Galwan remained quiet till October 20, the day the PLA launched a massive attack; as a result, 36 Indian soldiers were killed and another 32, mostly wounded, were taken prisoners in Tibet.
Maj. Gen. P.J.S. Sandhu, editor of the fascinating study 1962: A View from the Other Side of the Hill, recently remarked: “Unlike in NEFA, the Chinese did not withdraw even an inch in Ladakh. They stayed put where they had reached: their 1960 Claim Line. In Ladakh, they had claimed about 33,500 sq km of Indian territory; by the end of the war, they had taken control of most of it, except about 450 sq km of area which remain till today as a few disputed pockets.”
What makes the present situation extremely serious is that in Ladakh, while there are 12 “disputed” areas along the Line of Actual Control (LAC), where China’s and India’s “perceptions” differ, the area where the conflict is now taking place was not one of them. In Galwan, the LAC “perceptions” were similar till the beginning of May, when the PLA started planting tents in the area.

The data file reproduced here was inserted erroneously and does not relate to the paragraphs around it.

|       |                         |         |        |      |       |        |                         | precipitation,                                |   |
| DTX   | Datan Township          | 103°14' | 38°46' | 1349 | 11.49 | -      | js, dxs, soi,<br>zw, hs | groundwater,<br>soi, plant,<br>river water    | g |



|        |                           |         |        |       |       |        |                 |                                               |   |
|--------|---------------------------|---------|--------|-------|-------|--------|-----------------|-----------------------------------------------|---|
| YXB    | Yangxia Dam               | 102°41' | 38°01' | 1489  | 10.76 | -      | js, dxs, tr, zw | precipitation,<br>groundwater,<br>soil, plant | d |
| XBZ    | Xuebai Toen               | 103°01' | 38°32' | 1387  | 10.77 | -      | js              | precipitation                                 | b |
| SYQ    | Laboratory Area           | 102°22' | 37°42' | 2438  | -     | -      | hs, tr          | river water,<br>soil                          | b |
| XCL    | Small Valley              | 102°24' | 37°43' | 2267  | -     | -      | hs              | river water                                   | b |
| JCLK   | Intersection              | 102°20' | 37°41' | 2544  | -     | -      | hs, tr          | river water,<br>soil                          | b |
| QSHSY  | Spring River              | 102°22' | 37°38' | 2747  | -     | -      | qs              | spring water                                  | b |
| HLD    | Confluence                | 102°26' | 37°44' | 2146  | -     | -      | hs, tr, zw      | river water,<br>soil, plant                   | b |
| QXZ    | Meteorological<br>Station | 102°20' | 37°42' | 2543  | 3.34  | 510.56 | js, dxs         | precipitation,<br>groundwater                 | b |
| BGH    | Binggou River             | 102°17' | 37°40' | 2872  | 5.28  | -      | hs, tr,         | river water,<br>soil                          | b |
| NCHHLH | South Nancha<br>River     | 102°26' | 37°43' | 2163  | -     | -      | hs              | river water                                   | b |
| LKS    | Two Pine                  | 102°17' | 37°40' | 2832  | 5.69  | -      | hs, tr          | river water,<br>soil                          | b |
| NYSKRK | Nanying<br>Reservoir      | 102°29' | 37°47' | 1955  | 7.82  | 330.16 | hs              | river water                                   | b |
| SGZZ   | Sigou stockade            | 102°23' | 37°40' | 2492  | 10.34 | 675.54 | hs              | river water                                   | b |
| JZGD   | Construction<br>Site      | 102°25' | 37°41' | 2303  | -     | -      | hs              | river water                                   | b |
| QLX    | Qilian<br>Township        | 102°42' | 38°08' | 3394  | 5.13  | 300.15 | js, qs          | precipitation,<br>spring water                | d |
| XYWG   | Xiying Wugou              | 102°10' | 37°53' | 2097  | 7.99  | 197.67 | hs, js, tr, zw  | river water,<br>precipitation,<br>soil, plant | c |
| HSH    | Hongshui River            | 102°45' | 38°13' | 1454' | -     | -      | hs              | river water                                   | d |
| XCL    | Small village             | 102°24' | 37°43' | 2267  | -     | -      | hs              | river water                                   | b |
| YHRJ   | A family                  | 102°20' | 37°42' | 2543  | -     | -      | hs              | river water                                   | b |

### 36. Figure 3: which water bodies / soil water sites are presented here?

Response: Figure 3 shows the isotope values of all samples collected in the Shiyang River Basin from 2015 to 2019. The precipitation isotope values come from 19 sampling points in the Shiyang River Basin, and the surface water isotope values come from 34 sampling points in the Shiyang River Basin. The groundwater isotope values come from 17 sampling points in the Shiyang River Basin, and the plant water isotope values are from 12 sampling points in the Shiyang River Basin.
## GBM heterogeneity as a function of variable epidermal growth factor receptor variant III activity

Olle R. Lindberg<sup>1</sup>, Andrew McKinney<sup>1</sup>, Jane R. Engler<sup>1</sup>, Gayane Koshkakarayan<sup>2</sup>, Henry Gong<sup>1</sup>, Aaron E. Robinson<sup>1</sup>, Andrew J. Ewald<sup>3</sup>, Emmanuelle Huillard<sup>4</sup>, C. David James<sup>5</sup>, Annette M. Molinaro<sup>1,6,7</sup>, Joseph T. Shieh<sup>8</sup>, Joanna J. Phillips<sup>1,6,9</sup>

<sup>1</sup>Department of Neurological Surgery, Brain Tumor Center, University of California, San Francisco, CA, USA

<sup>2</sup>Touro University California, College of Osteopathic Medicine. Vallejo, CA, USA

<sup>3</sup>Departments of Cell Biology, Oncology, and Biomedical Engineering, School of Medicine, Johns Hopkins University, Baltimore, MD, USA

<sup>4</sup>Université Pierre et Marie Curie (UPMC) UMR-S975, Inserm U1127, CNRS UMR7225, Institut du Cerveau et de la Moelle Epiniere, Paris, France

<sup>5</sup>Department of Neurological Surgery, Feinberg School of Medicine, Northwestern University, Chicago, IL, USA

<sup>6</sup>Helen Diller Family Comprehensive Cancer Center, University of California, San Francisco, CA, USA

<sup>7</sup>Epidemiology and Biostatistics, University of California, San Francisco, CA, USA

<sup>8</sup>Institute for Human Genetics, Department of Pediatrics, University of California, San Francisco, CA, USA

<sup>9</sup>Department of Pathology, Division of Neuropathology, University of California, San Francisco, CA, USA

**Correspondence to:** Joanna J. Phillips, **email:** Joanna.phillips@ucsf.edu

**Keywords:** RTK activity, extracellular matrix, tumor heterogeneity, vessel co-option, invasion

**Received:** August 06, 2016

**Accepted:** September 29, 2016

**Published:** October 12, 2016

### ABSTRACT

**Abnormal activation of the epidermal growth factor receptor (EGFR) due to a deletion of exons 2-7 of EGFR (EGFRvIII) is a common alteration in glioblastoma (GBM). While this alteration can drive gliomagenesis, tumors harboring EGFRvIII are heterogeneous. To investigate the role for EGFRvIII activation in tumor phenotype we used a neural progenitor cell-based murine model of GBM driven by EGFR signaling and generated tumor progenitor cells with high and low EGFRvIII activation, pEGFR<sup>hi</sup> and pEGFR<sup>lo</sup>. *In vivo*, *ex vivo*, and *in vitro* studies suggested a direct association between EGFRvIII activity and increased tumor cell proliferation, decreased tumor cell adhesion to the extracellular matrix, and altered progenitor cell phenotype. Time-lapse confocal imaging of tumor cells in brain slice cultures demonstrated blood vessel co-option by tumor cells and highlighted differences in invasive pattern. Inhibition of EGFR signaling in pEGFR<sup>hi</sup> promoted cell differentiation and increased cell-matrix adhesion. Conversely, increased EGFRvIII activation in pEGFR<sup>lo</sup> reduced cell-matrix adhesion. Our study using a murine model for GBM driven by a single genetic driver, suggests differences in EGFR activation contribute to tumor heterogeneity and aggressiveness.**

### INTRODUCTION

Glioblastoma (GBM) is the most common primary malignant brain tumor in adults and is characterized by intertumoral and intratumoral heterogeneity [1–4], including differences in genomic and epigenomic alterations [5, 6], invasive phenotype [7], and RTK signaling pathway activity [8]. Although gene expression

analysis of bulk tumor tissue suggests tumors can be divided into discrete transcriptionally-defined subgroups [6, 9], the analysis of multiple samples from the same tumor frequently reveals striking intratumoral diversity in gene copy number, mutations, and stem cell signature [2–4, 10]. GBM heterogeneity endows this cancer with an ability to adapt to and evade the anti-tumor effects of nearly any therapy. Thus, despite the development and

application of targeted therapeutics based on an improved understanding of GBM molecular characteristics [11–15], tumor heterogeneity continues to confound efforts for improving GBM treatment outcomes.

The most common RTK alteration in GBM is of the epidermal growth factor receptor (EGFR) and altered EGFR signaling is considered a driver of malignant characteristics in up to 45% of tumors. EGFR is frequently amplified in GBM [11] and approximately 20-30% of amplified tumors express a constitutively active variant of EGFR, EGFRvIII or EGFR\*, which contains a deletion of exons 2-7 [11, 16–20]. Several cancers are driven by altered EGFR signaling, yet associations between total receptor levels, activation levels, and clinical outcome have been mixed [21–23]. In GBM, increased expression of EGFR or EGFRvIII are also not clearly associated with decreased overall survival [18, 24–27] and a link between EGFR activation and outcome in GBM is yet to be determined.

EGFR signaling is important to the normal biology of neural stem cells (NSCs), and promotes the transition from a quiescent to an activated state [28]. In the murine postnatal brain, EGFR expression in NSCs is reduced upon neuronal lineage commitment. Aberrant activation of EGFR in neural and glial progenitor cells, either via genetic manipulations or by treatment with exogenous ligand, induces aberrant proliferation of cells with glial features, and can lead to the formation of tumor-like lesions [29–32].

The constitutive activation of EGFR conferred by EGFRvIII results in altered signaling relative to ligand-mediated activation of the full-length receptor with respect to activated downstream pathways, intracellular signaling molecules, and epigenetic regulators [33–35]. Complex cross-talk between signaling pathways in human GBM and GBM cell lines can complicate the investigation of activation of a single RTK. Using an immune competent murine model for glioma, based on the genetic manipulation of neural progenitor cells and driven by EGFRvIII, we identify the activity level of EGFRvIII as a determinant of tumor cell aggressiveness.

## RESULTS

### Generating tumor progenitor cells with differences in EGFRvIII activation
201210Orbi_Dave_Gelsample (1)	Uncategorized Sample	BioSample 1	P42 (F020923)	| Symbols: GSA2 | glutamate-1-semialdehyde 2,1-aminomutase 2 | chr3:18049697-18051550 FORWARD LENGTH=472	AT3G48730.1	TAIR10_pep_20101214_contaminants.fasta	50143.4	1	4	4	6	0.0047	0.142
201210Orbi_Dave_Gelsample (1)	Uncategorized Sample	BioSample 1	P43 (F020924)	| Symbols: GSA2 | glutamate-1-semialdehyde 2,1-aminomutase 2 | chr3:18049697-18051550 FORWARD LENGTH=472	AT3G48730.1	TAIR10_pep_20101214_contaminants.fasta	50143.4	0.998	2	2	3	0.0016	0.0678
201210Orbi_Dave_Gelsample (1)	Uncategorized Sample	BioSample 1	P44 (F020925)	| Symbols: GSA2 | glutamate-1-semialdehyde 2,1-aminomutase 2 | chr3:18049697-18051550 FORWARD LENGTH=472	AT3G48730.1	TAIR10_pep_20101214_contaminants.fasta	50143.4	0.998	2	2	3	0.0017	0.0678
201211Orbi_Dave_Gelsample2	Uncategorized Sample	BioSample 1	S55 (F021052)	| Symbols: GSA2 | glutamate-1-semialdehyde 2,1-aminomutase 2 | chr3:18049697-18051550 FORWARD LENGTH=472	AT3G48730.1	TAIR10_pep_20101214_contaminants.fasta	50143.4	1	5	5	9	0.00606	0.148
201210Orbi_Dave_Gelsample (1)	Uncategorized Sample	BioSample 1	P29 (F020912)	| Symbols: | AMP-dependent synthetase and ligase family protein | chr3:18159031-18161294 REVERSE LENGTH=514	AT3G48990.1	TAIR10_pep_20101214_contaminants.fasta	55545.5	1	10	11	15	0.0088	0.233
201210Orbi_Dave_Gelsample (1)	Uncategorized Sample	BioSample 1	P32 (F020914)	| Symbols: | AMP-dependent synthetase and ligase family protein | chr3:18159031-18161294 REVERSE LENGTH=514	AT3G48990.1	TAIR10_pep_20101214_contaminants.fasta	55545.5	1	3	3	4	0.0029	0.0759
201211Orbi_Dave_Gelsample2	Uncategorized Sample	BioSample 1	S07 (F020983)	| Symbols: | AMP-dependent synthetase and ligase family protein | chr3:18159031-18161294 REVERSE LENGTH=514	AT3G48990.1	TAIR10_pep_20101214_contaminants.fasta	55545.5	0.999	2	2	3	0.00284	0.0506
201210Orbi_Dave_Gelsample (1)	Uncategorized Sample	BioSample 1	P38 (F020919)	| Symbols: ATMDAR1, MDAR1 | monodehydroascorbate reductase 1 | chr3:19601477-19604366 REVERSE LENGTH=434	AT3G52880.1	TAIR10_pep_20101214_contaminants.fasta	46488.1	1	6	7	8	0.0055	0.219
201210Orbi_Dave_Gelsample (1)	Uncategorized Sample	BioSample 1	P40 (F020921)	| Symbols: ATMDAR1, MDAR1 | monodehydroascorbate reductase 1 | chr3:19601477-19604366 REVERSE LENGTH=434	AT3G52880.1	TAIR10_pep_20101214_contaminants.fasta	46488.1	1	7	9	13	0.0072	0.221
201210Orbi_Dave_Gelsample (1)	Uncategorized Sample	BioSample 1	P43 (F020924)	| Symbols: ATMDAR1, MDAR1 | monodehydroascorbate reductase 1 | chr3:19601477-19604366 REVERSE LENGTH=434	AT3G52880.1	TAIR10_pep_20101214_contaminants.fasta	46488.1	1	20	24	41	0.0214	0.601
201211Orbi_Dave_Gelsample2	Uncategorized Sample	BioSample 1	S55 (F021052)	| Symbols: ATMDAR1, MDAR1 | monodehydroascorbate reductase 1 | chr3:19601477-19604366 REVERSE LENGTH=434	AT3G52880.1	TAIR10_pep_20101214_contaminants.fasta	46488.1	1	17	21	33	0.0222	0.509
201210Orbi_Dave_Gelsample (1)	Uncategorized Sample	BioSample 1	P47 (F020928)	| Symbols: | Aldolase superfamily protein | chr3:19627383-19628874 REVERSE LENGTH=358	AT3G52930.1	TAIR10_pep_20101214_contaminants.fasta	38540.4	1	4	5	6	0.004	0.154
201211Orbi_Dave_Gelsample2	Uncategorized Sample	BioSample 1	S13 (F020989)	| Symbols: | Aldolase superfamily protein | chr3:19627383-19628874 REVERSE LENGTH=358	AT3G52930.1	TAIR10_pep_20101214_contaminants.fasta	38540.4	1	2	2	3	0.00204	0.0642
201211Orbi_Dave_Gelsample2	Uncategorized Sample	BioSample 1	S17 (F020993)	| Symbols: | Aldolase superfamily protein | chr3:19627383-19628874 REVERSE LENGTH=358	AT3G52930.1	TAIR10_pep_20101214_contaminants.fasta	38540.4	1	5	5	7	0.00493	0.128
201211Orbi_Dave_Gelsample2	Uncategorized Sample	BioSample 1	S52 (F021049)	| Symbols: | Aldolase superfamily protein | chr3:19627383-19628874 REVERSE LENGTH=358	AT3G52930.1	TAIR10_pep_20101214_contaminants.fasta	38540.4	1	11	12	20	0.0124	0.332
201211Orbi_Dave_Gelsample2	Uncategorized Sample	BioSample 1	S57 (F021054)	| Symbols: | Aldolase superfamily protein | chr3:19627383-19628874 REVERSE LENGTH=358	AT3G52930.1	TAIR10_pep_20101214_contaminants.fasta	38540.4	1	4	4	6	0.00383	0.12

What seems obvious is that the PLA’s objective is to block infrastructure construction on the Indian side, regardless of whether they have ever claimed the area before or not.
The question remains: Why has China always refused to inform India of its “perceptions” of the LAC?
In 2000, both sides agreed they would initiate a process for the clarification and determination of the LAC in all sectors; a first meeting took place in March 2000, where maps of the middle sector were exchanged.
On June 17, 2002, both sides met again and maps of the western sector were seen by both sides for about 20 minutes, but during the meeting itself the maps were withdrawn since it was felt that they represented maximalist positions for both sides.
In these circumstances, it is high time for India to not only insist on the immediate exchange of maps of the LAC, but also to select a few points of pressure which could be painful for Beijing – such as Tibet, Taiwan or Hong Kong -- and if necessary, to start applying pressure.